Saving The Real Sector

Editorial

Editorial

As the tenure of the current Central Bank of Nigeria, CBN Governor, Sanusi Lamido Sanusi will soon end, and possi ble candidates to replace him are already emerging, the Performance of the CBN under Sanusi’s supervision has been applauded in some quarters. But its failure to revitalise the real sector significantly, which is one of Bank’s core mandates, subtracts a lot of marks from the bank’s ratings.

The CBN still boasts a poor scorecard at best in terms of putting in place appropriate measures to ensure a more articulate financial sector and a banking system that truly contributes to the development of the real economy.

The huge potential of Nigeria’s economy is yet to be unleashed with banks not being as relevant as expected in the race towards economic development. The policy thrust of the CBN towards growing the banks and also monitoring their input into the advancement of the real sector has been nothing to cheer. Till date, the CBN’s interventions towards the growth of the real sector appears to be merely paper based promises and announcements that have impacted little on the fortunes of the Small and Medium Enterprises, SME’s in particular, while even the few existing big manufacturers are stagnated by stifling interest rates.

Although the key priority sectors needing a boost are obvious to all and especially to the CBN, special schemes and funds that should be tailored to support and promote their growth are either not in place or yet to make the reguired impact. For instance, the 200 billion Naira Small and Medium Enterprises Credit Guarantee Scheme earlier initiated as a fast track to the growth of the crucial manufacturing SME’s sector of the Nigerian economy, to serve as guarantee for credit from banks, has to a large extent not been readily accessible.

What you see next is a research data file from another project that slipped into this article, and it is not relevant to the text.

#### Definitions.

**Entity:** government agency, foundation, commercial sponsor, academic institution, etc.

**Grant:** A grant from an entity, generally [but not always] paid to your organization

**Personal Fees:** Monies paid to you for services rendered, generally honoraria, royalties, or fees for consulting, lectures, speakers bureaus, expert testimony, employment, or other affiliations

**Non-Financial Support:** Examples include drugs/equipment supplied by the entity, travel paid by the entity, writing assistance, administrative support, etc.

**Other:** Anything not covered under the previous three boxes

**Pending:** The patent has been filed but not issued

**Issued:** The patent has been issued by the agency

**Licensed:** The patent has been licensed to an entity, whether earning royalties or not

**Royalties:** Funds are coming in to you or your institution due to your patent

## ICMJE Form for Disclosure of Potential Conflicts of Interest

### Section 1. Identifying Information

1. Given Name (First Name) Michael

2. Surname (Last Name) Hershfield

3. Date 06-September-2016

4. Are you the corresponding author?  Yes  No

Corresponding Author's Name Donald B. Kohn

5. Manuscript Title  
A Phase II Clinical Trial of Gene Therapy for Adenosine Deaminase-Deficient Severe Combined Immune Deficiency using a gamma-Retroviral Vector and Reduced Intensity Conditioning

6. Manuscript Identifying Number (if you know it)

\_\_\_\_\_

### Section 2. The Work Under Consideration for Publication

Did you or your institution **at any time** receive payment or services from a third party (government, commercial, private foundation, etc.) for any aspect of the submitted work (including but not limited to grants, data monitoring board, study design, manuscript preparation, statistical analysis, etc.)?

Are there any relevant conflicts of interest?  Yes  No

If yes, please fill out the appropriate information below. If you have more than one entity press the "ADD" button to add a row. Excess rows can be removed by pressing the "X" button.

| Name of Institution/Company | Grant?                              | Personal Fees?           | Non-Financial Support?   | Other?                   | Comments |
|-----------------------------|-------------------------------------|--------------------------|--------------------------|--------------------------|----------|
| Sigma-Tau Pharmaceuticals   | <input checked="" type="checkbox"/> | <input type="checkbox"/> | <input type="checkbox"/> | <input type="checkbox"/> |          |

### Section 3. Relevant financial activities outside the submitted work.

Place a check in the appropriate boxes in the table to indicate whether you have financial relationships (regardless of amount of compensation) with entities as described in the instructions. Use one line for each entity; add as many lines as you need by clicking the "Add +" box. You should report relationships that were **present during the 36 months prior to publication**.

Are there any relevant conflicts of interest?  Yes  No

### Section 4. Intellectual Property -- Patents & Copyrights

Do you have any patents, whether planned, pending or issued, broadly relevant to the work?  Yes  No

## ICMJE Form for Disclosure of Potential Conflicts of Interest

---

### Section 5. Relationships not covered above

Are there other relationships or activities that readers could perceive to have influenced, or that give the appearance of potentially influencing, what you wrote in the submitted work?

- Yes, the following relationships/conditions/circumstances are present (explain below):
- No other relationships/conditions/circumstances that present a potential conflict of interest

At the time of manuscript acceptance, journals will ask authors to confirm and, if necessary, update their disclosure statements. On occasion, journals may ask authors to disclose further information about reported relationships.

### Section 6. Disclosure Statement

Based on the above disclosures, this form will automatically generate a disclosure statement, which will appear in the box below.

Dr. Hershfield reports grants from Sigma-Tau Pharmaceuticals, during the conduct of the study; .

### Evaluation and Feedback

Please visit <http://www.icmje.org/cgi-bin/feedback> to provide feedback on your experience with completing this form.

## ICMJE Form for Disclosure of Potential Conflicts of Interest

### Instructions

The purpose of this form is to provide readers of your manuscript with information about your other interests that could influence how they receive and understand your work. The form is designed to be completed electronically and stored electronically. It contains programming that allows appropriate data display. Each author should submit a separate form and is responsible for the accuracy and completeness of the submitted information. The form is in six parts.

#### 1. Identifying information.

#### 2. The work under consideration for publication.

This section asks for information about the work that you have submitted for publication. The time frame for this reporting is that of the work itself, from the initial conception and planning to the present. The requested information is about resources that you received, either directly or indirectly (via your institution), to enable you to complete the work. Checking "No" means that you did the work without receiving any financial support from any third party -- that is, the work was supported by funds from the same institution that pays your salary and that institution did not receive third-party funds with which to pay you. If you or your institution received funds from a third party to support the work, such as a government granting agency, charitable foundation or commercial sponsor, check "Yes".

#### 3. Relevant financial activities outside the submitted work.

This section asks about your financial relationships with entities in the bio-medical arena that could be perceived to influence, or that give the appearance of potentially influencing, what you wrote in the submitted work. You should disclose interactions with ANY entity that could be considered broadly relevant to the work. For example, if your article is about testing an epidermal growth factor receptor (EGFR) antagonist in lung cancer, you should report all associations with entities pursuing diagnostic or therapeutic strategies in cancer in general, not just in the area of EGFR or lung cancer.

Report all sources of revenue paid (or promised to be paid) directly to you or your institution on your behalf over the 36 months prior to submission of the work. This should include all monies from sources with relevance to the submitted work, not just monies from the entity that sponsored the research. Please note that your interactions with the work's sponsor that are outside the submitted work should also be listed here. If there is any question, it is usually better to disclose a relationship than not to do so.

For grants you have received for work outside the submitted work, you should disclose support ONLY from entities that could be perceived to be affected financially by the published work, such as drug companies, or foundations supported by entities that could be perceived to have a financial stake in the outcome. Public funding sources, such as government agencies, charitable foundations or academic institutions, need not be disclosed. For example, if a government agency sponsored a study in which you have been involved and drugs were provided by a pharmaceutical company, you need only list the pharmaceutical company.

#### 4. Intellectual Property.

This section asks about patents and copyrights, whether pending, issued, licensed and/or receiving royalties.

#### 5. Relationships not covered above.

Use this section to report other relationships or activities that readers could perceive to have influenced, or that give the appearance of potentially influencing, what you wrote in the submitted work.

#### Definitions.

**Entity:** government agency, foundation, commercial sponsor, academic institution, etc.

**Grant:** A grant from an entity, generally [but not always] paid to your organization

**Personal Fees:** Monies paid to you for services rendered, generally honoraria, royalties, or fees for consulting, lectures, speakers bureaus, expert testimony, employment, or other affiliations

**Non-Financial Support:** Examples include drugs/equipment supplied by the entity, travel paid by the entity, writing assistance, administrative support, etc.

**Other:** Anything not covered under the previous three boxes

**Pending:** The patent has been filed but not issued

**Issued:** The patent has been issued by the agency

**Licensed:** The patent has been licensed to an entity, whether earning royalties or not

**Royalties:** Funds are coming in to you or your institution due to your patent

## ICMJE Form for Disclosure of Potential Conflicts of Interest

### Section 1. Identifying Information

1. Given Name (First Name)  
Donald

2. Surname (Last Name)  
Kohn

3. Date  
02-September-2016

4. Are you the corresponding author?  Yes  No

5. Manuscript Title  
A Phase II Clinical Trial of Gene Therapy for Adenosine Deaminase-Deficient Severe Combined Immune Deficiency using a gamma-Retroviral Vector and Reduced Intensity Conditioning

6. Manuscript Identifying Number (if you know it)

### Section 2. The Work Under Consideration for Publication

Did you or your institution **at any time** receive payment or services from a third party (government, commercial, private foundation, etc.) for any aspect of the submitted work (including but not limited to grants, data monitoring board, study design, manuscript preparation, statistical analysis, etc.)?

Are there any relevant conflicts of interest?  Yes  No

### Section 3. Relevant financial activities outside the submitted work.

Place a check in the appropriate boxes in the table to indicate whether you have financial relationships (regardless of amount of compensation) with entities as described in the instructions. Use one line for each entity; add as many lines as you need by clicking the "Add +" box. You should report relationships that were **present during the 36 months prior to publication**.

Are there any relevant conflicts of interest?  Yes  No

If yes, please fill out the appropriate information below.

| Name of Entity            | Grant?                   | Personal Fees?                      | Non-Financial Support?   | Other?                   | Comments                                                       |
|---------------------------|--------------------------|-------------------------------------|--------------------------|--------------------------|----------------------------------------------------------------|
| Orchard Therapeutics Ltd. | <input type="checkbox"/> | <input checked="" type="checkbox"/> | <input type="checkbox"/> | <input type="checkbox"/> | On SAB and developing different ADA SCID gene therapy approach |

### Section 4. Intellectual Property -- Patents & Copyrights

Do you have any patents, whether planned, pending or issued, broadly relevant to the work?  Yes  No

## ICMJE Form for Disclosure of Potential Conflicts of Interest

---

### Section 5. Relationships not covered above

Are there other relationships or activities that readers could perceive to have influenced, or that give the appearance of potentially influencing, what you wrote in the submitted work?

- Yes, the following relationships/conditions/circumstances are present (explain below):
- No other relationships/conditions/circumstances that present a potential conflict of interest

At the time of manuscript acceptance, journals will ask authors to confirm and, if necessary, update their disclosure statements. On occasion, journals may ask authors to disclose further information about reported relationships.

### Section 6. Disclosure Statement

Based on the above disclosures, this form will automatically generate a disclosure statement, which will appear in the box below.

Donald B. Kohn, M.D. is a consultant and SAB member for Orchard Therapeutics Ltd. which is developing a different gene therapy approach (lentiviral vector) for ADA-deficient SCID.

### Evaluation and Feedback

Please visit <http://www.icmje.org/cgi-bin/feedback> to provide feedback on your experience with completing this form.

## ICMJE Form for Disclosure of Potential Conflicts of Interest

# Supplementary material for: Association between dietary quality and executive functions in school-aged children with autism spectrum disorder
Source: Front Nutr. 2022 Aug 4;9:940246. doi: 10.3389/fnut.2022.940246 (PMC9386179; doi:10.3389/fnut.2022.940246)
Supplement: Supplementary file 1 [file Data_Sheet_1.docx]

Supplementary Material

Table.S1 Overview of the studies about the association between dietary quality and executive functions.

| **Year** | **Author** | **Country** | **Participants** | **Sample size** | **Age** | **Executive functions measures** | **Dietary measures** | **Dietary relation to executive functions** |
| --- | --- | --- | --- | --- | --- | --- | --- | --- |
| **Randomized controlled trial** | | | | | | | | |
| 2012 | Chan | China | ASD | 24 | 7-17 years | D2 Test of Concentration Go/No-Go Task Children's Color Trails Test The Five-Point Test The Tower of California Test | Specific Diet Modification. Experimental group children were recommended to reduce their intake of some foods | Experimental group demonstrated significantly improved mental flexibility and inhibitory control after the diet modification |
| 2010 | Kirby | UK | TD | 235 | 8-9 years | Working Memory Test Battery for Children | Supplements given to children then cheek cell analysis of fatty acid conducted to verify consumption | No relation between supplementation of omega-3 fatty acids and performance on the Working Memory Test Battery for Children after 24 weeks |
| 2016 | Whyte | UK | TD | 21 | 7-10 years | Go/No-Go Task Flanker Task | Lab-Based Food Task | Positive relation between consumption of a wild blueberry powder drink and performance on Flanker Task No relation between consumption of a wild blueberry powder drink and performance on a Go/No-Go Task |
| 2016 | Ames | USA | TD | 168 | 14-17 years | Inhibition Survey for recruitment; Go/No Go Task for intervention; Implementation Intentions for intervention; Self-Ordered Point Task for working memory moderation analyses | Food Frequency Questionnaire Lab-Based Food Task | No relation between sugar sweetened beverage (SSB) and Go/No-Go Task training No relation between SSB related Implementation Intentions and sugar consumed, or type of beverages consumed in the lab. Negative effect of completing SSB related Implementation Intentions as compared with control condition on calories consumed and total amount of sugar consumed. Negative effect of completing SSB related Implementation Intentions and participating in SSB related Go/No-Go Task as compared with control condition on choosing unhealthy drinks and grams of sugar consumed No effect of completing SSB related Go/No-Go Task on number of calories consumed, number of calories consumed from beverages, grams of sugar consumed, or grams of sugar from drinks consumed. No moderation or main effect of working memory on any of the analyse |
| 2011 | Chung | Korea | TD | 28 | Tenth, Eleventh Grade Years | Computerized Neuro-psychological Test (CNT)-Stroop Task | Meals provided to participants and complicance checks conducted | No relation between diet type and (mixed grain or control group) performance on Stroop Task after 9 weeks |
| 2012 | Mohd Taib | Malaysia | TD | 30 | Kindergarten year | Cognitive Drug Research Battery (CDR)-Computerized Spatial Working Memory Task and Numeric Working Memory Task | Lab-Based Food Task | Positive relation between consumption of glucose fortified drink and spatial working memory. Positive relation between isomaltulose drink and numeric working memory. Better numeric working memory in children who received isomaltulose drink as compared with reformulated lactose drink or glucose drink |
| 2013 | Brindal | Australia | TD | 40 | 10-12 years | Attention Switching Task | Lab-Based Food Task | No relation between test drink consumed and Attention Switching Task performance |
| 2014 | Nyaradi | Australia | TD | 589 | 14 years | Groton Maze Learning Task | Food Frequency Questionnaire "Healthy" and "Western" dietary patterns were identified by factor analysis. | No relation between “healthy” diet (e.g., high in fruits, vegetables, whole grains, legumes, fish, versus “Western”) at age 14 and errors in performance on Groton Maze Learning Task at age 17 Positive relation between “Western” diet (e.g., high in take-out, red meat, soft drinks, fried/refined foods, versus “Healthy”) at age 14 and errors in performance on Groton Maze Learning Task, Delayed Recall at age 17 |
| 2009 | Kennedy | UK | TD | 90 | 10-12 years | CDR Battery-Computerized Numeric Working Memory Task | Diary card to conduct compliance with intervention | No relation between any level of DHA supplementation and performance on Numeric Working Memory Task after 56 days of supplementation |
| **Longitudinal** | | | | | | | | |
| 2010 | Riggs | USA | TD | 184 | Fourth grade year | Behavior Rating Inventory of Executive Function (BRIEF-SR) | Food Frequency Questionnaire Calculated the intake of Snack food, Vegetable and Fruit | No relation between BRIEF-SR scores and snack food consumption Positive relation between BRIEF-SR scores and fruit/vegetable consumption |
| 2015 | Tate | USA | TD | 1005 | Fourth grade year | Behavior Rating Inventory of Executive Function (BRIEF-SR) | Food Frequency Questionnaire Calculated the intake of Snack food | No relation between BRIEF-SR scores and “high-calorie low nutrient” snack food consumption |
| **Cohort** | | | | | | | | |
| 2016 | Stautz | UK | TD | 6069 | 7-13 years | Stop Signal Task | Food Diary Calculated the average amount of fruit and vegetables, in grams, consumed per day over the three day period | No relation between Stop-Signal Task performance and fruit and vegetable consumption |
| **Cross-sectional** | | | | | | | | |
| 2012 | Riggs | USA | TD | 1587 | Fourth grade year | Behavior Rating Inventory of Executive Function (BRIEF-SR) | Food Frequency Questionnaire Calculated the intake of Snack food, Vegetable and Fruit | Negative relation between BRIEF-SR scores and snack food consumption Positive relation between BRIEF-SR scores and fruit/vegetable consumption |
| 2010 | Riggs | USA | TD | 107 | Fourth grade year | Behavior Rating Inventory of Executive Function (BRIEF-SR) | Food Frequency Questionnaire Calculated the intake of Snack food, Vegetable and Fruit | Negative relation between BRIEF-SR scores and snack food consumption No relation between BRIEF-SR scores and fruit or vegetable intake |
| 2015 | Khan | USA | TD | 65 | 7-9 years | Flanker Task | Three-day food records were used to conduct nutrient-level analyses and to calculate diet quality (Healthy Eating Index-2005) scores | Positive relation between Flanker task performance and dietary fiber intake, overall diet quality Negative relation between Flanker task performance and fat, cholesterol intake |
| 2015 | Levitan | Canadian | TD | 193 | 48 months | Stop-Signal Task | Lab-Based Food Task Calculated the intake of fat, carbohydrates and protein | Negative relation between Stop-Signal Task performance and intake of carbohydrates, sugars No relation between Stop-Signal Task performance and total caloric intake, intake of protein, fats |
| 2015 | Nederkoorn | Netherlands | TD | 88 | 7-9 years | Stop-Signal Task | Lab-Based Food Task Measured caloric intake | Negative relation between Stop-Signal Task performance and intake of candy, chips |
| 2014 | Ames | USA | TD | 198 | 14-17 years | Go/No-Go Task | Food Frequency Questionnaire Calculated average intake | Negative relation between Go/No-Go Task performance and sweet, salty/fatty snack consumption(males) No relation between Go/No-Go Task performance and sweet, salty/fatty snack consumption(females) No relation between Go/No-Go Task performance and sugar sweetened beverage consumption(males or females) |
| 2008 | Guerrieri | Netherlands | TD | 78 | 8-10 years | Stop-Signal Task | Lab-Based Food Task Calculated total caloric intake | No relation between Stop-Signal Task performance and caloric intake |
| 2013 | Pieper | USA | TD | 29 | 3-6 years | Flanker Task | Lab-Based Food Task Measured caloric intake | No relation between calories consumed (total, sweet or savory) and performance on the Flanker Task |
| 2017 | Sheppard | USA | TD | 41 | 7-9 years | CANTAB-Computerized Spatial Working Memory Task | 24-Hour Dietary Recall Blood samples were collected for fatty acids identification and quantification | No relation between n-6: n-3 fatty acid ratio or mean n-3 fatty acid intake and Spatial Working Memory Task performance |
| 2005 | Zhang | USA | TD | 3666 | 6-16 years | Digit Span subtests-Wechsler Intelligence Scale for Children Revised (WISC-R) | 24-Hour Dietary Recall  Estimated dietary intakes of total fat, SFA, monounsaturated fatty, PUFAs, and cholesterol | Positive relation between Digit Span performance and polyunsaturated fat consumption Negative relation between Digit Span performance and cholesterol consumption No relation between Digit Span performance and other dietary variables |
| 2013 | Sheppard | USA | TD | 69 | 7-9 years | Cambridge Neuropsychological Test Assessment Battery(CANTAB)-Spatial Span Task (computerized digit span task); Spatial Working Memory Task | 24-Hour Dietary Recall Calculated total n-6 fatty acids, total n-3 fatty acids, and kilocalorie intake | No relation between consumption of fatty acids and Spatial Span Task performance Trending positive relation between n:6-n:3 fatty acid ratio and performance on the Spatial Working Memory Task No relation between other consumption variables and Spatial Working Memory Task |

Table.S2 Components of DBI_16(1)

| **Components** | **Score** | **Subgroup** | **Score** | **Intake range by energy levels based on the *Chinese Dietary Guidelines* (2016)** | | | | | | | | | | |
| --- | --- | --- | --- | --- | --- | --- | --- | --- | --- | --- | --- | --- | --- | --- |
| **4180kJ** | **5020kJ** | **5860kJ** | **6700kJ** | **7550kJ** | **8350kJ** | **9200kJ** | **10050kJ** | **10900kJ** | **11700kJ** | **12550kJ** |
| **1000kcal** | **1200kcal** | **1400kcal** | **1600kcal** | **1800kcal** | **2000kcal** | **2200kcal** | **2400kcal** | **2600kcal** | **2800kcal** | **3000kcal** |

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The sector remains lean, being constantly starved of funds. The SME’s blame their plight on the ambiquous nature of the scheme, coupled with CBN’s lax monitoring of the whole process. Budding entrepeneurs have chased such facilities announced as being available only to realise that constraints in their way towards accessing such loans are practically insurmountable.

SME’s should be made aware of the schemes available to be tapped through the CBN. They should not be kept in the dark regarding CBN schemes and policies, denying them of opportunities to inject funds into their comatose enterprises. Public enlightenment towards this purpose should be stepped up beyond current levels.

Banking operations must be more properly structured towards increasing lending to the private sector and redirecting credit to the SME’s at single digit interest rates as it obtains in any country serious about real sector development.